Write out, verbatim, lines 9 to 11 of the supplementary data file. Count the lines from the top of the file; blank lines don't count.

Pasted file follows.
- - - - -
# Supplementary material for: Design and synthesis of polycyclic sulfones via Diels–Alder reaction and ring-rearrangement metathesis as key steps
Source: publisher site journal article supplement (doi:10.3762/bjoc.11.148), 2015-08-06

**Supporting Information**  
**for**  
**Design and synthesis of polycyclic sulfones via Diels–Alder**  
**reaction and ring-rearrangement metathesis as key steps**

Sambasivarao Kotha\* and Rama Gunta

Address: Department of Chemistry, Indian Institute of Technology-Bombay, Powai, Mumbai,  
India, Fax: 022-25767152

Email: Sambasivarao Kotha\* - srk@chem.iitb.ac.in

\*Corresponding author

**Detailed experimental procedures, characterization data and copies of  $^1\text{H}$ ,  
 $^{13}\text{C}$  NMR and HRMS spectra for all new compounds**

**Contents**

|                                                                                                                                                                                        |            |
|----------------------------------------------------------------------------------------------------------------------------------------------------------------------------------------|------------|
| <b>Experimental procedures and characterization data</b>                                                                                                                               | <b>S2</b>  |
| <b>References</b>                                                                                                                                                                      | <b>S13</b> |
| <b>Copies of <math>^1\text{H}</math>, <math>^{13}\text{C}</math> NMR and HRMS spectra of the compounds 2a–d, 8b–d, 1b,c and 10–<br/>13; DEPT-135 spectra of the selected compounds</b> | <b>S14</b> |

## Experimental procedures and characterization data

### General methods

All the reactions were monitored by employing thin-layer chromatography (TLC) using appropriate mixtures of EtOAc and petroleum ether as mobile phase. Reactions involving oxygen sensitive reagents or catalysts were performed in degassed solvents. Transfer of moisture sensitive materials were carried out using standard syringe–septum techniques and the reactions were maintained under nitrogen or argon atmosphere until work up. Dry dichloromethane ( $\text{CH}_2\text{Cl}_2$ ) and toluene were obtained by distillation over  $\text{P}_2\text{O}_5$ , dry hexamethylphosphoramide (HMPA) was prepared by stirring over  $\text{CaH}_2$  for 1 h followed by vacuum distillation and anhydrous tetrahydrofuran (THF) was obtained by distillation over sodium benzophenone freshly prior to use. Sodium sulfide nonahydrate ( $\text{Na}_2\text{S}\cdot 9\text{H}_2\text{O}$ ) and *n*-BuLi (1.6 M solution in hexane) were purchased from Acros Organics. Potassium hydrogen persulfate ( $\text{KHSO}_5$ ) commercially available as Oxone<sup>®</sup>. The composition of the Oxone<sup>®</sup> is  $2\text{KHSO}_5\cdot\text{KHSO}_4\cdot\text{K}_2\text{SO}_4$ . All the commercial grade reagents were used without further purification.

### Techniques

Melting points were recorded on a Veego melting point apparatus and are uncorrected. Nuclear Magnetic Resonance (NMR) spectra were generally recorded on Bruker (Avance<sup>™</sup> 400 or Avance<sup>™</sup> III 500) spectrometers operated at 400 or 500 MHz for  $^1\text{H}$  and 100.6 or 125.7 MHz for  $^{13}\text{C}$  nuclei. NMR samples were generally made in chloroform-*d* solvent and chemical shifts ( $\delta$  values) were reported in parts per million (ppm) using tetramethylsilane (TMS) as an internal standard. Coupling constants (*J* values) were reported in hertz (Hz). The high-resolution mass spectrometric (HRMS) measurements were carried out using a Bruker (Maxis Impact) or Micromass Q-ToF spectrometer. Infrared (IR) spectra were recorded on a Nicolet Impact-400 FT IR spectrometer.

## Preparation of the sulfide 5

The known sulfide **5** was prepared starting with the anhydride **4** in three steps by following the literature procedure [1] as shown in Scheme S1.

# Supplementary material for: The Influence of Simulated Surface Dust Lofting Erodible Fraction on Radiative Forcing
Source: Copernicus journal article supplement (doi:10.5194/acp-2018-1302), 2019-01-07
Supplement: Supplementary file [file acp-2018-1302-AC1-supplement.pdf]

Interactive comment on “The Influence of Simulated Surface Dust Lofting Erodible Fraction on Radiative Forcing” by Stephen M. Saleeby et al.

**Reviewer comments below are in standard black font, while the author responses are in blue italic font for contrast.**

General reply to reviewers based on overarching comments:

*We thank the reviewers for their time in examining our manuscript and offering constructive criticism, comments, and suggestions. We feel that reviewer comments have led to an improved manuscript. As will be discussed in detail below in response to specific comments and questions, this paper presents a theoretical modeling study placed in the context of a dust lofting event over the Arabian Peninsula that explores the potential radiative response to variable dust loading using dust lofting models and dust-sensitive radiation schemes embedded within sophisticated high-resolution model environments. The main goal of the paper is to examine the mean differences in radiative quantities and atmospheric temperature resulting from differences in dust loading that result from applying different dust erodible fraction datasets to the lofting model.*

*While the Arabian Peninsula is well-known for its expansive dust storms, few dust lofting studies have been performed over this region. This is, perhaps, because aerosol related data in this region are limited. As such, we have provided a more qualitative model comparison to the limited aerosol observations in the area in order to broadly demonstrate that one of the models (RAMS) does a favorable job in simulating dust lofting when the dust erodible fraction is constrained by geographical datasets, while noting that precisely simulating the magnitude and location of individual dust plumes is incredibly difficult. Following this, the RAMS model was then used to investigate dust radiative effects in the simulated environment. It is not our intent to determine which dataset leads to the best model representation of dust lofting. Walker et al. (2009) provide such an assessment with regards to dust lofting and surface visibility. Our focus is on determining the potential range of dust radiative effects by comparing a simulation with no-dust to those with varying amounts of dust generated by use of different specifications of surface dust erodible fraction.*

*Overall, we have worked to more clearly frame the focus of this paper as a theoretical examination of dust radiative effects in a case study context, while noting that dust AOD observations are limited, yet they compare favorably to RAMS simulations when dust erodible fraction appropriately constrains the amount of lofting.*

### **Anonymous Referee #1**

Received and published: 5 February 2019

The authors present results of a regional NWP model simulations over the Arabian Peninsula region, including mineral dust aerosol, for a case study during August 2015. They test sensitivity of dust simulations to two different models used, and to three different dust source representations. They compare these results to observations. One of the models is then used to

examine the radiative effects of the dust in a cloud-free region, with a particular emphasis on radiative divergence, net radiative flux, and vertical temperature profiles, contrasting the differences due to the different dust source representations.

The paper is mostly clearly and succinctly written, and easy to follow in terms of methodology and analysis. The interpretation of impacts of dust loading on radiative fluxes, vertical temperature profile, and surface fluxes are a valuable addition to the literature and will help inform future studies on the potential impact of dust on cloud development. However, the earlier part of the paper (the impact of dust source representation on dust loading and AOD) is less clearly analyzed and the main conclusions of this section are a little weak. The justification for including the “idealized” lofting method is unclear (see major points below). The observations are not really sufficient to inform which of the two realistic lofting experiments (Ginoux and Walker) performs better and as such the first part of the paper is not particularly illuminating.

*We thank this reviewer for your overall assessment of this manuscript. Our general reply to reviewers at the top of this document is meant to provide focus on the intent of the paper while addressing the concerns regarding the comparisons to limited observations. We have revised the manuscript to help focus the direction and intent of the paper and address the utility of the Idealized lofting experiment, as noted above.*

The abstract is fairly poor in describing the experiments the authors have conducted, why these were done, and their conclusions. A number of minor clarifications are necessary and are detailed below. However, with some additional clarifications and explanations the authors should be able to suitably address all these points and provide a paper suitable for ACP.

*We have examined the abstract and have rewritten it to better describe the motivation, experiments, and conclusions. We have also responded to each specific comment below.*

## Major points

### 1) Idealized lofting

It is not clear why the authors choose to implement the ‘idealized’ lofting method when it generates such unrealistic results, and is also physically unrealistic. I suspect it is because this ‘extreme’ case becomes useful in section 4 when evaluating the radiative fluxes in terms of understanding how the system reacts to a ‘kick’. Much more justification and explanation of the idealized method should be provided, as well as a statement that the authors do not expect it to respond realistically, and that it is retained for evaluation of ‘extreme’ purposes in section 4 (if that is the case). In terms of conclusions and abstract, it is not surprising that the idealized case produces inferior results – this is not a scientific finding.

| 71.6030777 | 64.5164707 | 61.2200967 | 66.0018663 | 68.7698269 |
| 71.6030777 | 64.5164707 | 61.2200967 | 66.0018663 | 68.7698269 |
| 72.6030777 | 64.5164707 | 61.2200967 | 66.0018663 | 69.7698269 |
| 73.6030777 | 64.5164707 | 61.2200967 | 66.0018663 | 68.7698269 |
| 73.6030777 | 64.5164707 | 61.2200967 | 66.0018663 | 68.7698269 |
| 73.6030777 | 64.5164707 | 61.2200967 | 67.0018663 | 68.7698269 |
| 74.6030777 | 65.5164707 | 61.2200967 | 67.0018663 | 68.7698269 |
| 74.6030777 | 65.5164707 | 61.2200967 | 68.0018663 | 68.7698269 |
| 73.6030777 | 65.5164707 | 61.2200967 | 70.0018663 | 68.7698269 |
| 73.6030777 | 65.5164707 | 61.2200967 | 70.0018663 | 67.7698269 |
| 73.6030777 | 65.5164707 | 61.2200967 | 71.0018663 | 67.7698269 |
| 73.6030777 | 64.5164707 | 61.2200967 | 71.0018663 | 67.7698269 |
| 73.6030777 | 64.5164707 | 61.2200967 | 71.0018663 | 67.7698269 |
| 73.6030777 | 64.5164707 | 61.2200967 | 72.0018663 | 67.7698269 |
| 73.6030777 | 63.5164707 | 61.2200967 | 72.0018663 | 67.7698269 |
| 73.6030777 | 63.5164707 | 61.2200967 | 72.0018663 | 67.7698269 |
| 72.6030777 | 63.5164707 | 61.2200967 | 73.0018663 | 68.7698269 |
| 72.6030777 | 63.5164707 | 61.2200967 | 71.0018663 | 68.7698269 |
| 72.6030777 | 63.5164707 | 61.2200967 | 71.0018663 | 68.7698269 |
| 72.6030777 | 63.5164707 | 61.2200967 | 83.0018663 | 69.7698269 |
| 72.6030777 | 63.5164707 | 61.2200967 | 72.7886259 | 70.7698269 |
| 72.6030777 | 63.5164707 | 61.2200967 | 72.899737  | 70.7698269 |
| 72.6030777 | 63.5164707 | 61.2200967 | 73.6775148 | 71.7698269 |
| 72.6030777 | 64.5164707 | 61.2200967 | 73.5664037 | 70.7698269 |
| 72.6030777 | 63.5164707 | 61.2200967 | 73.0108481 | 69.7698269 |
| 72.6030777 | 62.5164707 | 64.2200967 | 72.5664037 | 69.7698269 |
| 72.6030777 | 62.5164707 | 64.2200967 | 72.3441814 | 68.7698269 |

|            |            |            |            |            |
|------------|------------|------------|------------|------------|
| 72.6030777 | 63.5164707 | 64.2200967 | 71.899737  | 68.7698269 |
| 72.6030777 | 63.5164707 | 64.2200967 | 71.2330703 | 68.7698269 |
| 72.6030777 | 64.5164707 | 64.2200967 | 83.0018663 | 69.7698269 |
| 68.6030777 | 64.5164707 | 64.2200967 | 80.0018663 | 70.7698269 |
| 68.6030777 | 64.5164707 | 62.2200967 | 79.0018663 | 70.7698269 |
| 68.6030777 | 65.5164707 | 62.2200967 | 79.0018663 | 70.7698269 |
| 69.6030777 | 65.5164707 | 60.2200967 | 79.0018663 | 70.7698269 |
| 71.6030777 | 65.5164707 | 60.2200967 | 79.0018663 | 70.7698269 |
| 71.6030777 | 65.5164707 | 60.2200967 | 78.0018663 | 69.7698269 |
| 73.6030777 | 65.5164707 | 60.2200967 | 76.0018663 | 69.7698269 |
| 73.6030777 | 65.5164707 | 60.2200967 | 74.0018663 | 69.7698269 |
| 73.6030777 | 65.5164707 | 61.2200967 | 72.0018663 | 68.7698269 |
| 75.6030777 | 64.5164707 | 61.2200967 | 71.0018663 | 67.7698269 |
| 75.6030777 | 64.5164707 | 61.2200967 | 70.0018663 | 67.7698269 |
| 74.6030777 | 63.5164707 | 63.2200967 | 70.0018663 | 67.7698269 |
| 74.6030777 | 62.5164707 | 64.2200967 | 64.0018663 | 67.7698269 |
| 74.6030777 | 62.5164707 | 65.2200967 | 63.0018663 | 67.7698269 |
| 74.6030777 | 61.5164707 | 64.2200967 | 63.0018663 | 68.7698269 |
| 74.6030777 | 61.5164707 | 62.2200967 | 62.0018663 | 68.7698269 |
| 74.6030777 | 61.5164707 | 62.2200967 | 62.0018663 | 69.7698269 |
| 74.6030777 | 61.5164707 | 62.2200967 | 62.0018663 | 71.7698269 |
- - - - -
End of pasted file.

India, Fax: 022-25767152

Email: Sambasivarao Kotha\* - srk@chem.iitb.ac.in

\*Corresponding author